Tax and Money Tip of the Week:
December 4, 2013 | No. 164
Key Estate Planning Documents You Need
This is a general, informational piece only and not intended to provide legal advice. Each individual should seek legal advice for their own situation.
There are five estate planning documents you may need, regardless of your age, health, or wealth:
1. Durable power of attorney
2. Advanced medical directives
4. Letter of instruction
5. Living trust
Durable Power of Attorney
A durable power of attorney (DPOA) can help protect your property in the event you become physically unable or mentally incompetent to handle financial matters. A DPOA allows you to authorize someone else to act on your behalf, so he or she can do things like pay everyday expenses, collect benefits, watch over your investments and file taxes.
Advanced Medical Directives
Advanced medical directives let others know what medical treatment you would want, or allows someone to make medical decisions for you, in the event you can’t express your wishes yourself.
There are three types of advanced medical directives. First, a living will allows you to approve or decline certain types of medical care. Second, a durable power of attorney for health care (known as a health-care proxy in some states) allows you to appoint a representative to make medical decisions for you. Finally, a Do Not Resuscitate order (DNR) is a doctor’s order that tells medical personnel not to perform CPR if you go into cardiac arrest.
A will is often said to be the cornerstone of any estate plan. The main purpose of a will is to disburse property to heirs after your death. Equally important, the will gives you the ability to name the executor who will manage and settle your estate and allows you to name a legal guardian for minor children or dependents with special needs. If you don’t leave a will, these items will be determined according to state law, which might not be what you want.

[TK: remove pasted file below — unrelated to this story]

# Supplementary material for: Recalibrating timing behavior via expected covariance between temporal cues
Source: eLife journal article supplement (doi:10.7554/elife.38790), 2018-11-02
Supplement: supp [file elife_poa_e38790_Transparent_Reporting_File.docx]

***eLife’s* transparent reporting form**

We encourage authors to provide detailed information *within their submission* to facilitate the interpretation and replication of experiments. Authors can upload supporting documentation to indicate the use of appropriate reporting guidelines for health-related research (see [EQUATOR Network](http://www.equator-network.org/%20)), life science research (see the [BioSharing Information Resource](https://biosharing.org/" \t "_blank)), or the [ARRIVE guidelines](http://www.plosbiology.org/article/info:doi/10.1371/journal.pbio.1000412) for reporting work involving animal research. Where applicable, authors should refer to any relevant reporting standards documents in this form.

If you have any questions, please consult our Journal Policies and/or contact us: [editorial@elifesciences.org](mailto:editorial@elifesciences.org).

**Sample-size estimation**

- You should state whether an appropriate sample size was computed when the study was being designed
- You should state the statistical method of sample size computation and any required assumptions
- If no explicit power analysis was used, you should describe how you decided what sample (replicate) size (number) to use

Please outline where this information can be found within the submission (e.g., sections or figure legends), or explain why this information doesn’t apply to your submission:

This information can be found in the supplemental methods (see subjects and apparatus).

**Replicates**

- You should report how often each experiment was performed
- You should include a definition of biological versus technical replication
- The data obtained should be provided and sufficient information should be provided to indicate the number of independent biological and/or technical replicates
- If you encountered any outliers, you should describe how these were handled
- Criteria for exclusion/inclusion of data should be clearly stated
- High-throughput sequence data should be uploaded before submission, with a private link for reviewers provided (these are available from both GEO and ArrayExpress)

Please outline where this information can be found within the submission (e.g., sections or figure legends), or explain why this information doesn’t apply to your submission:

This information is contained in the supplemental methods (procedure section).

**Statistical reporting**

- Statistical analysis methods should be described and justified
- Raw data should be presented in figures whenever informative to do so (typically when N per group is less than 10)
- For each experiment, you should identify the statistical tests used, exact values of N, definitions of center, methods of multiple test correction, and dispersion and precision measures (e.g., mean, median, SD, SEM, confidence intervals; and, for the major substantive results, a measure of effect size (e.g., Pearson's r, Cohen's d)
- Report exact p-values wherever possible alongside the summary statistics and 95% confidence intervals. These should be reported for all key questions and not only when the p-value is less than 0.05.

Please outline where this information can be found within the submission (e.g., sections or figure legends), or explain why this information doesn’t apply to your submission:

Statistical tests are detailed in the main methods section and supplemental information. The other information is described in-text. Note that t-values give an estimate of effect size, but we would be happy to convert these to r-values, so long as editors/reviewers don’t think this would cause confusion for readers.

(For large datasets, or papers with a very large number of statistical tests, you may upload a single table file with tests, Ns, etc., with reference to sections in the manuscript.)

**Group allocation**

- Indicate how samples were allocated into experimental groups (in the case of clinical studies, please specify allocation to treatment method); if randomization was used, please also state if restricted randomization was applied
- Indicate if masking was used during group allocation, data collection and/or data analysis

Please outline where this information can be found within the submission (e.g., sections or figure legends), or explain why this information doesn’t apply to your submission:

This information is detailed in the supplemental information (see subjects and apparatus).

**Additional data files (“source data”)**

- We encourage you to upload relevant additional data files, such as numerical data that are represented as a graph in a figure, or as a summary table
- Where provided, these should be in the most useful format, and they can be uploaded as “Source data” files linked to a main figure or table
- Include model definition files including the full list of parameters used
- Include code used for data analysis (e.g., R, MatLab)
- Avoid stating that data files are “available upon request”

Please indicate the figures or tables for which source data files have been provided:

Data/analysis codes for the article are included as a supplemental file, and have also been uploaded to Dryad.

Letter of Instruction
A letter of instruction (also called a testamentary letter or side letter) is an informal non-legal document that generally accompanies your will and is used to express your personal thoughts and directions regarding what is in the will. Unlike your will, this document remains private and gives you the opportunity to say the things you would rather not make public. This can be the most helpful document you leave for your family members and your executor.
A living trust (also known as a revocable or inter vivos trust) is a separate legal entity you create to own property, such as your home or investments. The trust is called a living trust because it’s meant to function while you’re alive. You control the property in the trust, and whenever you wish, you can change the trust terms, transfer property in and out of the trust, or end the trust altogether.
As always, give us a call if you have any questions.
Questions or Comments?
Mark Vitek, CPA/PFS, CFP®
…until next week.